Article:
In phase one of its GPS-based tree census, the BMC had counted 16,01,514 trees in 16 administrative wards surveyed so far. It identified 298 different tree species including 20 rare ones and one hitherto not known to be in the city, adam’s apple or manilkara kaukil, in D ward. Rain trees are most common, and gulmohar and coconut trees are also pretty common.
“Our culture is itself is based on nature and its elements,” said Raje. “It is the most environment friendly. The importance of trees in our culture is unique. Many of the trees that are referred in epics have medicinal values and can purify the air. The BMC must plant such trees so that they are preserved and people don’t hack them easily.”
Raje’s list of sacred trees also includes sweet lime, ashoka, tamarind, kadamba, bakul, khari, deodar, palas, chandan, belpatri, arjun and rudrakasha.
“These trees have special mention in the epics and are culturally relevant,” he said. Youngsters don’t know about them. The BMC should plant them and also put up boards giving information about them indicating their scientific names, medicinal use etc, so at least people will know about the trees.”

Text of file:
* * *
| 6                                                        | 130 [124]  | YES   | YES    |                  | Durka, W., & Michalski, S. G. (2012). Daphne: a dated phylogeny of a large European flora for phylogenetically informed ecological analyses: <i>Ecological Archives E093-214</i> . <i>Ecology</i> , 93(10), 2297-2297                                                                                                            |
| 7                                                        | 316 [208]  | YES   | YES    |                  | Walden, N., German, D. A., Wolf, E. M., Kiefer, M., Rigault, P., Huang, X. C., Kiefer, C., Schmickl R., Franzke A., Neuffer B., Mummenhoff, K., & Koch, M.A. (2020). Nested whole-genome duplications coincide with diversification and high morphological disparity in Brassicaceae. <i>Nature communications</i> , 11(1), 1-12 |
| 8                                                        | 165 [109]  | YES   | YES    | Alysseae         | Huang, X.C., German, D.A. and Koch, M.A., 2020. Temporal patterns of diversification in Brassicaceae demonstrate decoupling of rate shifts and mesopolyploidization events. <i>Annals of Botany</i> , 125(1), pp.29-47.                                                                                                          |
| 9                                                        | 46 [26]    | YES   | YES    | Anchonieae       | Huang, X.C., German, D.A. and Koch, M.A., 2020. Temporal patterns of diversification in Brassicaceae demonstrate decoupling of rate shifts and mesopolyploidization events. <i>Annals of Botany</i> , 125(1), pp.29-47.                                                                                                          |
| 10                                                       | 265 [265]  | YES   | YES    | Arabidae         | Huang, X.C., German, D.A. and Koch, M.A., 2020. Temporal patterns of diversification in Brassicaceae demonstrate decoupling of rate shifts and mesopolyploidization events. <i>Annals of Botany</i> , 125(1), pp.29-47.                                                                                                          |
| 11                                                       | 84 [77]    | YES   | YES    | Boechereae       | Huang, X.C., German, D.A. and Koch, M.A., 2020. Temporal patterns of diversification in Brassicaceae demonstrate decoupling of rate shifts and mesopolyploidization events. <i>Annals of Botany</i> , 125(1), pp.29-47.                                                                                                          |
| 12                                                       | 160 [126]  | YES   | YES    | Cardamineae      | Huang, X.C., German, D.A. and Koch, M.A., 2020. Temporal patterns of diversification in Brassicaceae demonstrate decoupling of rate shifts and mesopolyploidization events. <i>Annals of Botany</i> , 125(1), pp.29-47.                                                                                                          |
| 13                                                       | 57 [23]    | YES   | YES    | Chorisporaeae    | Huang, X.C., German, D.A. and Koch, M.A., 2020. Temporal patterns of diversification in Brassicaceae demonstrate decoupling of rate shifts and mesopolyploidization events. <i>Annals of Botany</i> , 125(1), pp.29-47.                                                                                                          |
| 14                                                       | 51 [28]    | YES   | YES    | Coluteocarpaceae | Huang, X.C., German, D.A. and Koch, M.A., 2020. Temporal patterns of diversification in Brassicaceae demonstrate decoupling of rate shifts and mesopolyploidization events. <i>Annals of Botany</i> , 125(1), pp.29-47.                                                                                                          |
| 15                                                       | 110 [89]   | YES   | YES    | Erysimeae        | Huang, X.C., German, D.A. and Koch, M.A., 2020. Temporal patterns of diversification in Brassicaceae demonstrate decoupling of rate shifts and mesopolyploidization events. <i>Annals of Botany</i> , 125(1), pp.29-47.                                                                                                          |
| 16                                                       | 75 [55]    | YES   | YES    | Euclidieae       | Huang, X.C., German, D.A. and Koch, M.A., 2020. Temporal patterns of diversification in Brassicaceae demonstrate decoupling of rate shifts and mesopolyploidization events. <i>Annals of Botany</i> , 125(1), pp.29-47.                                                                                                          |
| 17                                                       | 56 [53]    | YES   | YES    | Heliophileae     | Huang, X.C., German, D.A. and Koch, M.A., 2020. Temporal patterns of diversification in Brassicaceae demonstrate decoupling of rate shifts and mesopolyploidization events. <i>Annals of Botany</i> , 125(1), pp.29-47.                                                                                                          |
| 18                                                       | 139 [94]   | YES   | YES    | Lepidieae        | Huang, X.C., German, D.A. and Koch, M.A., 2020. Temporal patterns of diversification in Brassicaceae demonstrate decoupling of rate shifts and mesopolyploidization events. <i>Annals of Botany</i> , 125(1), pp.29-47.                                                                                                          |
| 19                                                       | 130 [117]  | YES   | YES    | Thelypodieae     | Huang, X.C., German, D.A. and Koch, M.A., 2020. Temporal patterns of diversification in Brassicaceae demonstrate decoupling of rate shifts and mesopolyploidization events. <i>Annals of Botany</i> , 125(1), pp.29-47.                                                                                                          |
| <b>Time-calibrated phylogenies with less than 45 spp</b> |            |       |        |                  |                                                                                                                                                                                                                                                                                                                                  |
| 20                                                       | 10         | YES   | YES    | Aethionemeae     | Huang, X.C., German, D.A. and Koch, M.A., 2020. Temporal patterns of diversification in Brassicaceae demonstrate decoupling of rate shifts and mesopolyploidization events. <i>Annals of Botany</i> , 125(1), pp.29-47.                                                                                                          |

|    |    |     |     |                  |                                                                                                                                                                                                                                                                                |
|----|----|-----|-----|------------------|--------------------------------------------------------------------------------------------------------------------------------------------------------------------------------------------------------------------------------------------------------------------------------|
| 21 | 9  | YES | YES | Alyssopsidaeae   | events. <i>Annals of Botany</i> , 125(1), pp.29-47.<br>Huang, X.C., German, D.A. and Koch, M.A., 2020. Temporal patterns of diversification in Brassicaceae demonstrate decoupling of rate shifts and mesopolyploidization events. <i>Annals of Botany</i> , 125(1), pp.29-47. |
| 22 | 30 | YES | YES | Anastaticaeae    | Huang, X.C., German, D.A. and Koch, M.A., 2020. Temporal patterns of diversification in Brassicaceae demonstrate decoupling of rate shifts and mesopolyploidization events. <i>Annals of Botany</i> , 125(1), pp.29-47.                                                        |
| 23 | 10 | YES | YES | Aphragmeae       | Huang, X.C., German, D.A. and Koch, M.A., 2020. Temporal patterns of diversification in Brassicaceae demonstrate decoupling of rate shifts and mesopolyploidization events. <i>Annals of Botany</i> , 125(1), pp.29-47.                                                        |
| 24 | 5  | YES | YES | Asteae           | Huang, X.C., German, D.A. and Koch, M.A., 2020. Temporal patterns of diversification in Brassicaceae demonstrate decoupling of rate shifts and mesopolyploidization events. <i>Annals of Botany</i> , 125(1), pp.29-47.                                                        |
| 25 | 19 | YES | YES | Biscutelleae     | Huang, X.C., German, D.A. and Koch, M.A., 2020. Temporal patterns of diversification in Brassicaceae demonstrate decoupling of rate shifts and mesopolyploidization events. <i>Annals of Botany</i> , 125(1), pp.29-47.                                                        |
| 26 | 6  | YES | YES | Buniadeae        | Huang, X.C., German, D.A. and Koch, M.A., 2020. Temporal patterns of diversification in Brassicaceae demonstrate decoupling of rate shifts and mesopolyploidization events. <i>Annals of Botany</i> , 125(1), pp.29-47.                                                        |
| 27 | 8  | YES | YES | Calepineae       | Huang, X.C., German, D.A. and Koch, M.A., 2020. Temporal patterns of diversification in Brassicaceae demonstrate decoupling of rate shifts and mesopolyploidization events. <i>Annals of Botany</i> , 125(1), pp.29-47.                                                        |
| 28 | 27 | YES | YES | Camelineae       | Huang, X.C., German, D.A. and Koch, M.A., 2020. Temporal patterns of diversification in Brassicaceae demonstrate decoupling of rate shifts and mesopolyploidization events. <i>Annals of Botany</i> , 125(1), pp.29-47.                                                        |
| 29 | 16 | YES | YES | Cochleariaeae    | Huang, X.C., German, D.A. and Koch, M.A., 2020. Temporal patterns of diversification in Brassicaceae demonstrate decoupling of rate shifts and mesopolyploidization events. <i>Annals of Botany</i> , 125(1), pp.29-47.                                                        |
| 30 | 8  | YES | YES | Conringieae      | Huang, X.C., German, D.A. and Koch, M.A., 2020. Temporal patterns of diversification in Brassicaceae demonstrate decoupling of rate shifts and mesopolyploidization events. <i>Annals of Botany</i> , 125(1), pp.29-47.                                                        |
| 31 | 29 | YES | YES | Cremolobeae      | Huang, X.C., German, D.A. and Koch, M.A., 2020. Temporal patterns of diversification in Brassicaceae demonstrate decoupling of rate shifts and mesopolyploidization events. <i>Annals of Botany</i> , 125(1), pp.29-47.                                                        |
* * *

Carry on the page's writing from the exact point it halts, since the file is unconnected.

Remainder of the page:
BMC officials said that they would discuss the proposal in the Tree Authority’s next meeting. “There is no policy at the moment on what trees should be planted,” said an official from the BMC’s Garden Department. “Tree plantation is done routinely based on local requests. We prefer trees that require less water and are easy to maintain.”
The opposition Congress is sceptical. “All trees are good for the environment,” said Congress corporator Devendra Amberkar. “We don’t want trees to be given any religious or cultural colour. As long as the BMC is planting more trees and preventing existing ones from being hacked, we will support them.”